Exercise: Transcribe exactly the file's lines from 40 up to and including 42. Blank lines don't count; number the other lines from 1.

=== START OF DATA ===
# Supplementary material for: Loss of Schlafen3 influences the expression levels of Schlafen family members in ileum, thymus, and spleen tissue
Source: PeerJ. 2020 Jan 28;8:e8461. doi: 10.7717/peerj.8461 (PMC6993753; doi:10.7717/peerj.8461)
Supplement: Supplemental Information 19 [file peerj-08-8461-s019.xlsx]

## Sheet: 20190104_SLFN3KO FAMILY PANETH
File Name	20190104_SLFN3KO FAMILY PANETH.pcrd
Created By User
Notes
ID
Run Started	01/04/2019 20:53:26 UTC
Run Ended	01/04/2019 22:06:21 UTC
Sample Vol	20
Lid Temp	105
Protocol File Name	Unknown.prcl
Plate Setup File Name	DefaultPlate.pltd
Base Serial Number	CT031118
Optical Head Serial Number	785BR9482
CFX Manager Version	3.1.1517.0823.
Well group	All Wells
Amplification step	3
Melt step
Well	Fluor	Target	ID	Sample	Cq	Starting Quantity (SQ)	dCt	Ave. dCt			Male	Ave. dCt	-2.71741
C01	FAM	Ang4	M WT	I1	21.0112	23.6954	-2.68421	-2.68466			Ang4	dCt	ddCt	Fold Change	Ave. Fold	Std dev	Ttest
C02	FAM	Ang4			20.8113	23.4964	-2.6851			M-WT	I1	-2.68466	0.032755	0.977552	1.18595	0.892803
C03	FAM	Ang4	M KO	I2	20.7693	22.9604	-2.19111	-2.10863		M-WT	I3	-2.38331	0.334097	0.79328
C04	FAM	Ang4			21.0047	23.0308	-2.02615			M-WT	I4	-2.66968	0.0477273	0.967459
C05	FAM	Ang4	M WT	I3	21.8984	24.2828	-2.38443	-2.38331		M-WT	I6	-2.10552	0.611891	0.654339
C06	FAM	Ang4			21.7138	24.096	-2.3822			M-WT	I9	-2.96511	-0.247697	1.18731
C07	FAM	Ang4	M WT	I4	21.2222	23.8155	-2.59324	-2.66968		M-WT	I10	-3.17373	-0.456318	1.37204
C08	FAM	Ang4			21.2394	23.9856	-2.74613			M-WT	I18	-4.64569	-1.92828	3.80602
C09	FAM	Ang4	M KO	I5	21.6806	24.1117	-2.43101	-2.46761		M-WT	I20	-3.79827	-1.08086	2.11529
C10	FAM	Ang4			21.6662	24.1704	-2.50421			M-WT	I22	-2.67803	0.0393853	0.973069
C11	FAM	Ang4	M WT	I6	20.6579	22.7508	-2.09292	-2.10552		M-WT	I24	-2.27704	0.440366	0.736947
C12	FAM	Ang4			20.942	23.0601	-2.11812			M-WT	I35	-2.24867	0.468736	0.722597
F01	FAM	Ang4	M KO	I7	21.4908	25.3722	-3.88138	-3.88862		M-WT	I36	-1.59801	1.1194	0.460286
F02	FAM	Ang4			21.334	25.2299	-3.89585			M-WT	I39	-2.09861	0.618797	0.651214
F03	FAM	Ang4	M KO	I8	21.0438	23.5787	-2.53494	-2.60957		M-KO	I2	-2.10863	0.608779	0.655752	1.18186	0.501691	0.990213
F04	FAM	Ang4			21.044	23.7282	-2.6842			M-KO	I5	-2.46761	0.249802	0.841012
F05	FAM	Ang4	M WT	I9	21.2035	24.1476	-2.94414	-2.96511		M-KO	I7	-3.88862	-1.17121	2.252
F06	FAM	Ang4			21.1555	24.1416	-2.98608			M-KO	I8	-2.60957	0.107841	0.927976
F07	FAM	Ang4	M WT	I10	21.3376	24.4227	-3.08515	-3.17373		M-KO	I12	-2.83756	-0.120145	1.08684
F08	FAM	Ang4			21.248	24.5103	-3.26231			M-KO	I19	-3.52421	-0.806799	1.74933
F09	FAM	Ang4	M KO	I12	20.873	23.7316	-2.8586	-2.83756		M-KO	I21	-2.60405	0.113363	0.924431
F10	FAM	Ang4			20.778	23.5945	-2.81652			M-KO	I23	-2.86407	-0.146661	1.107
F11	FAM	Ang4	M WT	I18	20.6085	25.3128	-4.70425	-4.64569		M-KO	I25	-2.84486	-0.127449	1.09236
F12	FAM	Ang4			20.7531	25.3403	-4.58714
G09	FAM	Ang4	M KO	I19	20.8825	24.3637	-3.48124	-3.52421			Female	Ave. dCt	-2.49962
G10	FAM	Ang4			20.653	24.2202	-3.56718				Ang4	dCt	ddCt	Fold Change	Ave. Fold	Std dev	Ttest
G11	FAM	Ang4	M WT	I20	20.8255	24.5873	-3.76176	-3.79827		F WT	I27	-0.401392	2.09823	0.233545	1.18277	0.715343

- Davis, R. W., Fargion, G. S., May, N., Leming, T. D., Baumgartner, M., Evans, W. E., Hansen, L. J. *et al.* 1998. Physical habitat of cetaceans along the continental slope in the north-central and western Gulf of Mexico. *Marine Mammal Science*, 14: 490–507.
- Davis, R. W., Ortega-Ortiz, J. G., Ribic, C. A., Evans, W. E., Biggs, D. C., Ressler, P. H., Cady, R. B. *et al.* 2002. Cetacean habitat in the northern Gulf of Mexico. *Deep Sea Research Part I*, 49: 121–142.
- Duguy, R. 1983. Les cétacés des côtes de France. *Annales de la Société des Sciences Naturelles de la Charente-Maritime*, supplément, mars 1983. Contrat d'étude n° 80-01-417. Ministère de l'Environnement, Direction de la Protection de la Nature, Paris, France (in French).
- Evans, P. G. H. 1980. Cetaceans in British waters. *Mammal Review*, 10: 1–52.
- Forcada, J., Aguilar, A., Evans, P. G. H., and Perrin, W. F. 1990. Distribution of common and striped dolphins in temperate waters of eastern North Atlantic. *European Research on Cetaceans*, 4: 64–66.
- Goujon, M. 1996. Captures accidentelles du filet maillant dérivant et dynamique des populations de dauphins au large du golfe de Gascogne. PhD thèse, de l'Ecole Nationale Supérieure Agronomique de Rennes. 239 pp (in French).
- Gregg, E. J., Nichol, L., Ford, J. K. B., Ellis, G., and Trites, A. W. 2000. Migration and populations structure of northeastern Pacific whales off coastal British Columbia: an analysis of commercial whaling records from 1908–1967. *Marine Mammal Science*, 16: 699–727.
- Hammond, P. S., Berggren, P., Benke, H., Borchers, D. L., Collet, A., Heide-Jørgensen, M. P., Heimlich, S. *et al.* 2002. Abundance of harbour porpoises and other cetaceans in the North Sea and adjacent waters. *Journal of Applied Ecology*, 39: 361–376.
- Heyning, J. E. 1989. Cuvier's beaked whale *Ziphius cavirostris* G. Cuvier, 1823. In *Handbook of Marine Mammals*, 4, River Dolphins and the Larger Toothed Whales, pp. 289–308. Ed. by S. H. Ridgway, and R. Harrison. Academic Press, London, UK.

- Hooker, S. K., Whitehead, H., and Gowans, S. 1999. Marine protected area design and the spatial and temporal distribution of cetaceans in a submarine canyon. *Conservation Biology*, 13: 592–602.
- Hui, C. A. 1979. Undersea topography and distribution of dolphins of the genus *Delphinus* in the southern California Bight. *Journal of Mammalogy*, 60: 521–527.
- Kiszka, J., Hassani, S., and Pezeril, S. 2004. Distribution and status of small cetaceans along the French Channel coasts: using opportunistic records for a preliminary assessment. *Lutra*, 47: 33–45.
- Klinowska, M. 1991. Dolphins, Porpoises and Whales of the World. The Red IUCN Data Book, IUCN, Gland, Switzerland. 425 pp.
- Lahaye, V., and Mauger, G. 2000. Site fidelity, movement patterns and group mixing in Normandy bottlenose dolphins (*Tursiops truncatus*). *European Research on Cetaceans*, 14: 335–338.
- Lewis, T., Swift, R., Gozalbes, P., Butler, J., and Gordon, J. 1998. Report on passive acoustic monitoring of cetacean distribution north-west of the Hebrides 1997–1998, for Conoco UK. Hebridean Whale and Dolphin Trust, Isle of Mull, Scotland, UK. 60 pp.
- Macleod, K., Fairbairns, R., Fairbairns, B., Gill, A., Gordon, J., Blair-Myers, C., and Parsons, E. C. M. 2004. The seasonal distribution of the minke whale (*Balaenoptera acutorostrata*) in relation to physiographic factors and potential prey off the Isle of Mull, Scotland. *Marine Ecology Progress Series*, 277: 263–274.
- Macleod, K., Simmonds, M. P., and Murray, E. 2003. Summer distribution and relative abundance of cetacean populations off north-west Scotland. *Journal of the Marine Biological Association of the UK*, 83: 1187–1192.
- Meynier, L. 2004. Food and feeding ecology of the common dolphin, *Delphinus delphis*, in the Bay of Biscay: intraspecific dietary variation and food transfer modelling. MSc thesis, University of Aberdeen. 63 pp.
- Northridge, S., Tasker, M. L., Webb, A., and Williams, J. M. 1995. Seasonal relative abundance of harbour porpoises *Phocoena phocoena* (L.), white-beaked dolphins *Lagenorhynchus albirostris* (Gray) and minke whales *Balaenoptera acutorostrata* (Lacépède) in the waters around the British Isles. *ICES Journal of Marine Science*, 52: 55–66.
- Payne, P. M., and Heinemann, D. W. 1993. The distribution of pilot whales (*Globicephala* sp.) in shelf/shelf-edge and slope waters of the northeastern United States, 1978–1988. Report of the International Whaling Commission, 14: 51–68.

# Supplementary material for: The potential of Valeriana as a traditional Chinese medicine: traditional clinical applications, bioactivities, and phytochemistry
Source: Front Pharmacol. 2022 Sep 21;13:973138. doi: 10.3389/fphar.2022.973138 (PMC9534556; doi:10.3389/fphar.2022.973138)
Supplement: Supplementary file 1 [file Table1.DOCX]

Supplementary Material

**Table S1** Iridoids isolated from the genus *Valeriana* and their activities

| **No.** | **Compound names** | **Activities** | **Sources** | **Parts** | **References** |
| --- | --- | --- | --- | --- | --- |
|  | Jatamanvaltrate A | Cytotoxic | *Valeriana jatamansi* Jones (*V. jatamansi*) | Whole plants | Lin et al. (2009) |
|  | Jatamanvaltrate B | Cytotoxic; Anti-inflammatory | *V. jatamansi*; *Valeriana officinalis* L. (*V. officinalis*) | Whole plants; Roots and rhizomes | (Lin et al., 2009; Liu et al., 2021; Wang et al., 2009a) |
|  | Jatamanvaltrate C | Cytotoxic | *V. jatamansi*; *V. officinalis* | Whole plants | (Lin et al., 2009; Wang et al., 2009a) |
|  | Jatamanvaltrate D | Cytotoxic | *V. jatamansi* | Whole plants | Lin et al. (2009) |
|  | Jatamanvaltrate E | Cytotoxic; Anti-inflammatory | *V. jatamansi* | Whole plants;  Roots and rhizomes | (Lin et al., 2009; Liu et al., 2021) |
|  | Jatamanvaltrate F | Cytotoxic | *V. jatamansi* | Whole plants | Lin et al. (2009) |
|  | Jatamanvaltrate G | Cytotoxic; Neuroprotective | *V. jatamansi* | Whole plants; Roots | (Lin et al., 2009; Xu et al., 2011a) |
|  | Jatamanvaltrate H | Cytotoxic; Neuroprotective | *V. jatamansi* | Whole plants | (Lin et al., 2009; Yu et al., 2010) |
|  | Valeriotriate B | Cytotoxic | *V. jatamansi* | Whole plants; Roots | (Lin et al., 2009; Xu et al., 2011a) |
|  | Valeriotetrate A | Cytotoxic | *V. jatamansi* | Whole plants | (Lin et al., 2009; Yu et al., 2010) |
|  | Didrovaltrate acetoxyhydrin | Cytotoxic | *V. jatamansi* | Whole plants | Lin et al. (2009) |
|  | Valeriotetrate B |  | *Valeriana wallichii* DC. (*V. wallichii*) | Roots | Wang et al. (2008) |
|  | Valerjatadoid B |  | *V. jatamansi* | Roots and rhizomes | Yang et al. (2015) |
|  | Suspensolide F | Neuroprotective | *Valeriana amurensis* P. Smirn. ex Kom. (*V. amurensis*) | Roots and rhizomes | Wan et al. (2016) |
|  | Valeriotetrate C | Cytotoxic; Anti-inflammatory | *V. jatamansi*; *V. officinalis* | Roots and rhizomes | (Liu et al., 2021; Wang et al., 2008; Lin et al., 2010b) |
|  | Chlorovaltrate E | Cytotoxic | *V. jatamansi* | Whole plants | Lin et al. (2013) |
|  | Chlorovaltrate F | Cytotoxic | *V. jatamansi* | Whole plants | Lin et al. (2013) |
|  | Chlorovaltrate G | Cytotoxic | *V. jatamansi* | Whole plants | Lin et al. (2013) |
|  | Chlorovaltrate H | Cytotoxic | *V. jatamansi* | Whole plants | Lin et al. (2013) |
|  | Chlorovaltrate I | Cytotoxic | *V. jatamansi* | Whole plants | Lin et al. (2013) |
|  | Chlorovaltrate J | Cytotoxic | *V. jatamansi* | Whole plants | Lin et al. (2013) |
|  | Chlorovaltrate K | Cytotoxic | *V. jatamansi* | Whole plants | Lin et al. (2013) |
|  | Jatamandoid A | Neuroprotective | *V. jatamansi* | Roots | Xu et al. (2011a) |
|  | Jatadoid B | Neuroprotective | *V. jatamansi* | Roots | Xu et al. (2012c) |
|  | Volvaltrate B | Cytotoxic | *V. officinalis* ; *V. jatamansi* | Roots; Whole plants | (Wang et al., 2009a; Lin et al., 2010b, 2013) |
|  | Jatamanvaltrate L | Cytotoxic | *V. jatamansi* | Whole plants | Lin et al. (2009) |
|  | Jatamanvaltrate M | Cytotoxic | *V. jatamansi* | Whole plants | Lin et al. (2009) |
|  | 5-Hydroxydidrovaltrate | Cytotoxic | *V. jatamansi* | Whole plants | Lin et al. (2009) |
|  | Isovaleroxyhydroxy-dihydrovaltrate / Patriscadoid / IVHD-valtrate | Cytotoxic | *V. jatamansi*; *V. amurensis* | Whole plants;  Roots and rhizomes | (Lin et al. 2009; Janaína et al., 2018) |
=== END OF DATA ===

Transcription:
F07	FAM	Ang4	M WT	I10	21.3376	24.4227	-3.08515	-3.17373		M-KO	I12	-2.83756	-0.120145	1.08684
F08	FAM	Ang4			21.248	24.5103	-3.26231			M-KO	I19	-3.52421	-0.806799	1.74933
F09	FAM	Ang4	M KO	I12	20.873	23.7316	-2.8586	-2.83756		M-KO	I21	-2.60405	0.113363	0.924431